Water security and climate change: is the MENA region in the eye of the cyclone?
Groundwater Governance in the Arab world
Water Security and Climate Change will be the focus of an important international Conference (WSCC 2017) be held in Cologne, Germany, on 18 – 21 September 2017. Achieving water security is one of the major challenges faced by society. Recent global agreements such as the Sustainable Development Goals, the Paris Agreement on Climate Change and the Sendai Framework for Disaster Risk Reduction relate substantially to questions of water security.
Alarming facts about water shortage in the Middle East and North Africa (MENA) region. Fresh water resources in the region are among the lowest in the world, and according to the UN Food and Agriculture Organization (FAO), they have decreased by two thirds during last 40 years and are expected to fall over 50% by 2050. Water scarcity is expected to intensify as a result of climate change: for each 1 degree of global warming, 7% of the global population will see a decrease of 20% or more in renewable water resources. Within the region, an estimated 90% of land lies within arid and dry areas, while agriculture uses approximately 85% of the total available freshwater. The Global Water Partnership (GWP), an international action network, considers the region in the eye of the cyclone due to the dangerous nexus between water, employment and migration, and associated socio-political, economic and environmental risks.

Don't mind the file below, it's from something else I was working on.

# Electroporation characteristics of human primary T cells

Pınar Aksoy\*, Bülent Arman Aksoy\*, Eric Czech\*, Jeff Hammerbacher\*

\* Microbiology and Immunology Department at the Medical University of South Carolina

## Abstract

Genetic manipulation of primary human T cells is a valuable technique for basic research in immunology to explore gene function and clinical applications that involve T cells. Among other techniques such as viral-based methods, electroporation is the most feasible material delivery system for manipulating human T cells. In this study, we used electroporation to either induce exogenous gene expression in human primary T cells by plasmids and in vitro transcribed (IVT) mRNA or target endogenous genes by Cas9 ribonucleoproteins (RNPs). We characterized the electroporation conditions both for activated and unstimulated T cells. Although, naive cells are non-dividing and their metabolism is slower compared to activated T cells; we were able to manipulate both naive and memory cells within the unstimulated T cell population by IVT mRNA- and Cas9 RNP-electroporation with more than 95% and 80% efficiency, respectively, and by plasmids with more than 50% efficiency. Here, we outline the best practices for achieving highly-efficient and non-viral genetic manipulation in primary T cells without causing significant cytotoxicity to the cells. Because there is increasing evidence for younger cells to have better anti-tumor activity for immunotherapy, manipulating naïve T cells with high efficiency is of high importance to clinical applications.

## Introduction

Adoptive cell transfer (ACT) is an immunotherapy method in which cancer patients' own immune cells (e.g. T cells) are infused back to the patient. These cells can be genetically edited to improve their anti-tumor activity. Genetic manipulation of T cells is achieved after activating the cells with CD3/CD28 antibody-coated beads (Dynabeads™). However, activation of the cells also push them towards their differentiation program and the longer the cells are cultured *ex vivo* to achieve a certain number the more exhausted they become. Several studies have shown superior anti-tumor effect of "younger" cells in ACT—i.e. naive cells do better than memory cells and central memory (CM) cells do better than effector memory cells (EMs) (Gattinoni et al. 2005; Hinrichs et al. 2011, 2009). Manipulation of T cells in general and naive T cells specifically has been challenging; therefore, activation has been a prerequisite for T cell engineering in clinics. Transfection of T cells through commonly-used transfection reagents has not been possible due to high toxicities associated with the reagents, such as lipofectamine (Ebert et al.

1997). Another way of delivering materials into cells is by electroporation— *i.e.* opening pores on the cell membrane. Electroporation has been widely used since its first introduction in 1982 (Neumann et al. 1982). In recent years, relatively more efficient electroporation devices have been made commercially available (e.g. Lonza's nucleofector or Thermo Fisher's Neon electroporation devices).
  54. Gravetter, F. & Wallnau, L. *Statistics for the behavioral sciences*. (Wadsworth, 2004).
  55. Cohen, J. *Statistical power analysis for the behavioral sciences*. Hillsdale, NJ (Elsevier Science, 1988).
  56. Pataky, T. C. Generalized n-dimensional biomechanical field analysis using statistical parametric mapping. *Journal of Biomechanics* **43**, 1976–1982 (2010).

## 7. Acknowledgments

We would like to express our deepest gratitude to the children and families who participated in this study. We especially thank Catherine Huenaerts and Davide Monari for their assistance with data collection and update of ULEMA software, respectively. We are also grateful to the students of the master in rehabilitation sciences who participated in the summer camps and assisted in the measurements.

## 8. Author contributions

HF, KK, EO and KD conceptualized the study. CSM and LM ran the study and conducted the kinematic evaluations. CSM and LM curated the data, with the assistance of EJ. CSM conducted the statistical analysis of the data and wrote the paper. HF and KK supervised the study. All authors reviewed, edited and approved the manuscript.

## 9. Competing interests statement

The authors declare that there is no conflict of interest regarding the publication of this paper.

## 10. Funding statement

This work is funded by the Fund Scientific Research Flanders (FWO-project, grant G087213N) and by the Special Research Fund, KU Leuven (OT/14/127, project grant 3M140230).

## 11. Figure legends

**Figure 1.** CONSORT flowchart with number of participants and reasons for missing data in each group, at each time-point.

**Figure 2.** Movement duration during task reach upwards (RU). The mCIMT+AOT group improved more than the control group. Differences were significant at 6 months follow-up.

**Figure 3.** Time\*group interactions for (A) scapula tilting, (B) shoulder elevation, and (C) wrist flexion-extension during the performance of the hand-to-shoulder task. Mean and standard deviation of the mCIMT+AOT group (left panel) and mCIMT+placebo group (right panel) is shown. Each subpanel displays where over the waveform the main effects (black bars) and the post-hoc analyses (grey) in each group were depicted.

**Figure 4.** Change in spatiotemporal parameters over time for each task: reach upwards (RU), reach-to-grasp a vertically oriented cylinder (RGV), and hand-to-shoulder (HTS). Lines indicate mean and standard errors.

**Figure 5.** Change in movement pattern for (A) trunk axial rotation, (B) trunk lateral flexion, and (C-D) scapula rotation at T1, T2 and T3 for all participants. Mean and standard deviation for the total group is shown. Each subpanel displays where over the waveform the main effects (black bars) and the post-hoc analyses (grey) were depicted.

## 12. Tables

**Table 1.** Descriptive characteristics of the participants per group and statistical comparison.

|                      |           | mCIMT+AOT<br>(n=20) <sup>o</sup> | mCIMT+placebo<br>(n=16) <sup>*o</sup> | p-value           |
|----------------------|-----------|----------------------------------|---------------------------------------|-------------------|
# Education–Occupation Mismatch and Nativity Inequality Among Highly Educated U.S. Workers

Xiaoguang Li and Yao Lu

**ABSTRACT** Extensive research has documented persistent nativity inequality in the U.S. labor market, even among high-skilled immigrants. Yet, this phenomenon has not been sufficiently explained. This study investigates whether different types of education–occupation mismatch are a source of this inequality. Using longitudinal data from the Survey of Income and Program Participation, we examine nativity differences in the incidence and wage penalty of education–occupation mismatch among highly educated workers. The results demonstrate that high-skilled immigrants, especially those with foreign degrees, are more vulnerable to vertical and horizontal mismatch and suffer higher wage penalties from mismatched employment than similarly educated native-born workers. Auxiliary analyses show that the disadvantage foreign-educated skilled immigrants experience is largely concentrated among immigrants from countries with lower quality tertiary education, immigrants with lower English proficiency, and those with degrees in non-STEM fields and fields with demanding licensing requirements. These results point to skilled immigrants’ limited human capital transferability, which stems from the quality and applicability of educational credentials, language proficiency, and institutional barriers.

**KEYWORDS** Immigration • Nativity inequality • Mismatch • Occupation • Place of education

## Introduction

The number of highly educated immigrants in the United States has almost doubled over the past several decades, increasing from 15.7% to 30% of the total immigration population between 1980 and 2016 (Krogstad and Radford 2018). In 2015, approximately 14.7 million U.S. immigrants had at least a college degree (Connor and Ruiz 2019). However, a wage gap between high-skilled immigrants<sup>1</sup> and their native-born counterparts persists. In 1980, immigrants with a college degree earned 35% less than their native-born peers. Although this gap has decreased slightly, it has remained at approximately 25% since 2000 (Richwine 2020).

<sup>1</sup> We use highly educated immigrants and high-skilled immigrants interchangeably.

The critical issue of groundwater in the region. An assessment of groundwater governance in the Arab world, implemented by the International Water Management Institute (IWMI), has found that the current water regulation and management tools in the MENA region suffer from several problems. A key issue is the fact that users are numerous and scattered, with countries such as Morocco, Algeria, Tunisia, and Lebanon each possessing between 100,000 and 200,000 wells. Farmers are known to tamper with groundwater meters, or hide illegal wells altogether. Many of the wells remain unregistered, and farmers may dodge the required abstraction authorization. Another important element is associated with the interests of large-scale agriculture, which have mostly worked against the passing of constraining laws and enforcement of regulations. This is the case for example in Jordan, where the Azraq wetland lost 90% of its naturally flooded area between the 1970s and the mid-1990s due to agriculture expansion; and in Morocco, where overall annual groundwater overdraft exceeds 1 billion m3.
Read more: Water Security and Climate Change Conference | World Bank 2017. Beyond Scarcity: Water Security in the Middle East and North Africa | FAO Pamphlet on Regional Initiative on Water Scarcity for the Near East and North Africa | Global Water Partnership-(GWP) Med | The Groundwater Solutions Initiative for Policy and Practice (GRIPP) | Second Annual Symposium on “Water in the Middle East and Israel" | Managing groundwater in times of climate uncertainty